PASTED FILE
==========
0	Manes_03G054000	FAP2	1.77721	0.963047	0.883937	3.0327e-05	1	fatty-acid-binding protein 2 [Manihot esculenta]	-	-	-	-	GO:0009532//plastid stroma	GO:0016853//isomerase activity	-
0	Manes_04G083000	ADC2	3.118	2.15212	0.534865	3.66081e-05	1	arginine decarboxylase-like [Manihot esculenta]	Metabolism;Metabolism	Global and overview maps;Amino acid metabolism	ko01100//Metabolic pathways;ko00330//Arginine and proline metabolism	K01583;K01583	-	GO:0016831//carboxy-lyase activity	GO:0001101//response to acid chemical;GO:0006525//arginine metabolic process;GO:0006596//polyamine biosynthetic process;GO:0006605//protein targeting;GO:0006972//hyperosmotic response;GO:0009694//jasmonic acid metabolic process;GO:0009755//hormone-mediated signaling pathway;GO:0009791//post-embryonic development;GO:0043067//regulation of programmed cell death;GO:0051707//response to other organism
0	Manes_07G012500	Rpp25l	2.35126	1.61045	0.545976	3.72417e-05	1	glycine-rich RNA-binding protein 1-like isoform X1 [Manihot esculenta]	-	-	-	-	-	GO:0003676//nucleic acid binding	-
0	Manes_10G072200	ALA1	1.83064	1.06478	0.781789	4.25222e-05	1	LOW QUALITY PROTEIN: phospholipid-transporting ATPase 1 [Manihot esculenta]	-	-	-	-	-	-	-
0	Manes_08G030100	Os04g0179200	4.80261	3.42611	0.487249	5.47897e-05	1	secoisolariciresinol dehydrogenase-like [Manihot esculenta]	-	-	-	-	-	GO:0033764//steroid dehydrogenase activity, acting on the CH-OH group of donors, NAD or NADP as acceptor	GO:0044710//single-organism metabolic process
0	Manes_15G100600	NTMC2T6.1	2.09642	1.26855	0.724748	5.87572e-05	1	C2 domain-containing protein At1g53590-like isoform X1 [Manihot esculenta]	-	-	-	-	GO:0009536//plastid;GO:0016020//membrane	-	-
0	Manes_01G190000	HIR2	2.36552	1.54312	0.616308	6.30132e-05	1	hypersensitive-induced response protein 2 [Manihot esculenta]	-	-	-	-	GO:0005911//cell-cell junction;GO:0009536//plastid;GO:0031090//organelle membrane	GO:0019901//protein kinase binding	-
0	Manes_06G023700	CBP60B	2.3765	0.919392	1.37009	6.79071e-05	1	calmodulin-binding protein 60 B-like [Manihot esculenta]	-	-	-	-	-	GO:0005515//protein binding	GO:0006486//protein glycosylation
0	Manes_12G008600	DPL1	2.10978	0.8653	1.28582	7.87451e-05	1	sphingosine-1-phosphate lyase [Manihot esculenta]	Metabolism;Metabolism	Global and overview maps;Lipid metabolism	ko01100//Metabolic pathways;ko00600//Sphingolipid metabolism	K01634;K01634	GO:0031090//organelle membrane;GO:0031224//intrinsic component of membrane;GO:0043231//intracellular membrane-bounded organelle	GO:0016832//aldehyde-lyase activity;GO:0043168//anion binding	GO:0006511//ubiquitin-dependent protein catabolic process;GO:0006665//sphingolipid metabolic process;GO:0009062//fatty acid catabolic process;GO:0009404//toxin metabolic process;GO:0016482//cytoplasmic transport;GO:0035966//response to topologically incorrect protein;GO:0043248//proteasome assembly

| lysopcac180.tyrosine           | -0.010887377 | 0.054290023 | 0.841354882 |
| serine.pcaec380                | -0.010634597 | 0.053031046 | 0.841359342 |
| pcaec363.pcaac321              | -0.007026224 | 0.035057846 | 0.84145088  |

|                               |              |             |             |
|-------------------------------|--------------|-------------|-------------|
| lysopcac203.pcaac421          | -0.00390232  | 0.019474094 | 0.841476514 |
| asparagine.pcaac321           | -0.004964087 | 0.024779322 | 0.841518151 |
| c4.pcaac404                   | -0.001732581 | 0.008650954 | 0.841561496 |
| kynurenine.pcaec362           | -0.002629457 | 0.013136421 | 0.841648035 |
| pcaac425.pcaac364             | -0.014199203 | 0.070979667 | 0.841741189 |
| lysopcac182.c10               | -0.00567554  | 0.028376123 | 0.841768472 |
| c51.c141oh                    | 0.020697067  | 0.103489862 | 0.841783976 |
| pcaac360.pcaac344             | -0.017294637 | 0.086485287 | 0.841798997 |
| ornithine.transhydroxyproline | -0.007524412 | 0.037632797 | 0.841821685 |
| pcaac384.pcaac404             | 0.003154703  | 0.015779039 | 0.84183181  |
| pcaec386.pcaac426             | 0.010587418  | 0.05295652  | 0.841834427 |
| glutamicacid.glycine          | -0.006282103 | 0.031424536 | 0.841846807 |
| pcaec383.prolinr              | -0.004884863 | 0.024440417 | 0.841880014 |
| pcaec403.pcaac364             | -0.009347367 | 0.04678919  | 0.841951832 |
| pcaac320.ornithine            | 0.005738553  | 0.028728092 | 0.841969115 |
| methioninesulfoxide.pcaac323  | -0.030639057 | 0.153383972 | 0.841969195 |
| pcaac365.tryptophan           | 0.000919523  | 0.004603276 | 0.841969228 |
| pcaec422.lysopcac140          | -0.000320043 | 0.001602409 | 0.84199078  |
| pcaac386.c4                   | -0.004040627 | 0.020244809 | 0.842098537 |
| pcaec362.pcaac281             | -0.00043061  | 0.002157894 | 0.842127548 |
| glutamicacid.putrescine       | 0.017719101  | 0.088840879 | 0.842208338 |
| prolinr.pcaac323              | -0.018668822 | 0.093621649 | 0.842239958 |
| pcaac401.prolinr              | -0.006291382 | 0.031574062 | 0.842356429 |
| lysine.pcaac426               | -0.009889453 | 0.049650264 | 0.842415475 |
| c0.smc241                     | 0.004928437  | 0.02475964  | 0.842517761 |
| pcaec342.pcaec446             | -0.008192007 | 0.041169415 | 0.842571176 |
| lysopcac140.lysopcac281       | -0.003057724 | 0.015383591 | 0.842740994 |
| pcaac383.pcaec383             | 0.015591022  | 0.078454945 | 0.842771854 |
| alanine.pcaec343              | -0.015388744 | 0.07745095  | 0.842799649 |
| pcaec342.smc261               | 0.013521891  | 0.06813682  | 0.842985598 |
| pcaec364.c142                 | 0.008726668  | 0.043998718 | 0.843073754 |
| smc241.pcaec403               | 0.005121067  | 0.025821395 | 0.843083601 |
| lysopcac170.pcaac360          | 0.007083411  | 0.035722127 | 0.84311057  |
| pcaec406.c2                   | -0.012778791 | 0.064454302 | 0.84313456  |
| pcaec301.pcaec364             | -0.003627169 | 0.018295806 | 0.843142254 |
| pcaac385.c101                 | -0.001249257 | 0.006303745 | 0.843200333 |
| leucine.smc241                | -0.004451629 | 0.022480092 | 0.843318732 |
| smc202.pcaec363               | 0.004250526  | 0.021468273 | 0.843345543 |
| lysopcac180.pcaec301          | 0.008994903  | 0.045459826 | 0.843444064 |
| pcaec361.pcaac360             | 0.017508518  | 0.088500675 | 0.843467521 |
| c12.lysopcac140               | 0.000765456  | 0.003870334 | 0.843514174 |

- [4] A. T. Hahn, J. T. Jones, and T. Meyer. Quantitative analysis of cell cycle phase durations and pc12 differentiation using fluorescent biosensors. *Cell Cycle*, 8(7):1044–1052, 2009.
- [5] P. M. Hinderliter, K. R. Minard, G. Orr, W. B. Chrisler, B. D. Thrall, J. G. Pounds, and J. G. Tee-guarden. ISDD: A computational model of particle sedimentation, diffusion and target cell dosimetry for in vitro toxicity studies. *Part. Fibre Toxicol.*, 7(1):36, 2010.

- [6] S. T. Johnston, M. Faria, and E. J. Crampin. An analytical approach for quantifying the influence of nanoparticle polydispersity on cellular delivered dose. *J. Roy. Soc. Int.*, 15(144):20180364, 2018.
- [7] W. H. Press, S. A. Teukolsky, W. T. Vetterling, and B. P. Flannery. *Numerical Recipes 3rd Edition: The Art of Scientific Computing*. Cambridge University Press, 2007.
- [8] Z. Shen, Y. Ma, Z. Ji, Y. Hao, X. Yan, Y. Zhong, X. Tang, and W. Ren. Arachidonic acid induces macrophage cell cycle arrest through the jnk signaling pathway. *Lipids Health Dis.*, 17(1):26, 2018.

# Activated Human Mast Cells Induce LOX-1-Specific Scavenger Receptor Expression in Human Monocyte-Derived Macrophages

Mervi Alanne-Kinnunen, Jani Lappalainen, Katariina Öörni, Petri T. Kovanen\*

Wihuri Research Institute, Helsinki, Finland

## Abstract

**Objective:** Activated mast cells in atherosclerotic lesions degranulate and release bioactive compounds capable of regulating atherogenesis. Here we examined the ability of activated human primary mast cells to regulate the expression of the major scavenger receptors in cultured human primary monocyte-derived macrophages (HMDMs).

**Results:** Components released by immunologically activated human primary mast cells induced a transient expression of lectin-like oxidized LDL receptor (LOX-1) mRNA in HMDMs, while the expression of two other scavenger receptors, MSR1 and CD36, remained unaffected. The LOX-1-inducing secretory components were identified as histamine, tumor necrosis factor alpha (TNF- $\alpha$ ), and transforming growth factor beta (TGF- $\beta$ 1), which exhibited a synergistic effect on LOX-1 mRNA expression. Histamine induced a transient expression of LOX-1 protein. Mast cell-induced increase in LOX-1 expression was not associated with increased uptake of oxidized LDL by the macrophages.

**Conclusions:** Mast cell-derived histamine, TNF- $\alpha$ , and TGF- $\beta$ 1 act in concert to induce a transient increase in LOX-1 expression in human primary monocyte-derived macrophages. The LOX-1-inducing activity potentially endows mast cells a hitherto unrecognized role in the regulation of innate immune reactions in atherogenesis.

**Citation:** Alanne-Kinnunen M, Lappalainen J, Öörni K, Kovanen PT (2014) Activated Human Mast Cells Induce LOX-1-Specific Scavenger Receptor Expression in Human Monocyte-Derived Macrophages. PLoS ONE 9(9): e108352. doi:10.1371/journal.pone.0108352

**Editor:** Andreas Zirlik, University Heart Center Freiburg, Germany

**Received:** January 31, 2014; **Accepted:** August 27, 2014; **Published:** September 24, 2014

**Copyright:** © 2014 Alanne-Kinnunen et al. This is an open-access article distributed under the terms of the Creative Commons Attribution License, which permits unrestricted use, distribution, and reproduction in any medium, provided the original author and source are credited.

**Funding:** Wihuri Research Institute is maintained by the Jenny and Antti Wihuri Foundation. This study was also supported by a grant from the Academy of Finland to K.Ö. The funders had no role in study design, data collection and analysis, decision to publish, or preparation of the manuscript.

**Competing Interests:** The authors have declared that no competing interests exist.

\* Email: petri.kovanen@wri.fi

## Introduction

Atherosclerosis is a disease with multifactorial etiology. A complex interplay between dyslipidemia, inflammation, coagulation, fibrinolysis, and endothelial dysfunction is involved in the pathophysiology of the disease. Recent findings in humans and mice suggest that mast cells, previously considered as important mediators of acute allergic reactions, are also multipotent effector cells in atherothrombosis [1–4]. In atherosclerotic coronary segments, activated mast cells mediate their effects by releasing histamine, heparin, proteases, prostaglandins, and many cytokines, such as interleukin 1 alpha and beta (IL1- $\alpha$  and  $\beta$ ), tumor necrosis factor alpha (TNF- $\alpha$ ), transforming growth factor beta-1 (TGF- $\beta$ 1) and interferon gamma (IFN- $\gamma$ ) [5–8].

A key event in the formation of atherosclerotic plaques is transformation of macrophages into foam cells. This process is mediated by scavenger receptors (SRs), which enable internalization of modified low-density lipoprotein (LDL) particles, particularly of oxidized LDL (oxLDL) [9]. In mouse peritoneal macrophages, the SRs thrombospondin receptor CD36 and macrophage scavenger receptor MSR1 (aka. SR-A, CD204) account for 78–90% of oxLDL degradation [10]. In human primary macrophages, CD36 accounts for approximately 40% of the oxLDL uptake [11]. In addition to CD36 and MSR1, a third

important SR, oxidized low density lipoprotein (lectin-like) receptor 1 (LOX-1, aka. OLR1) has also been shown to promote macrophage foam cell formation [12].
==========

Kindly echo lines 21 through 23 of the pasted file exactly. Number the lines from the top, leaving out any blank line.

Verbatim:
| c51.c141oh                    | 0.020697067  | 0.103489862 | 0.841783976 |
| pcaac360.pcaac344             | -0.017294637 | 0.086485287 | 0.841798997 |
| ornithine.transhydroxyproline | -0.007524412 | 0.037632797 | 0.841821685 |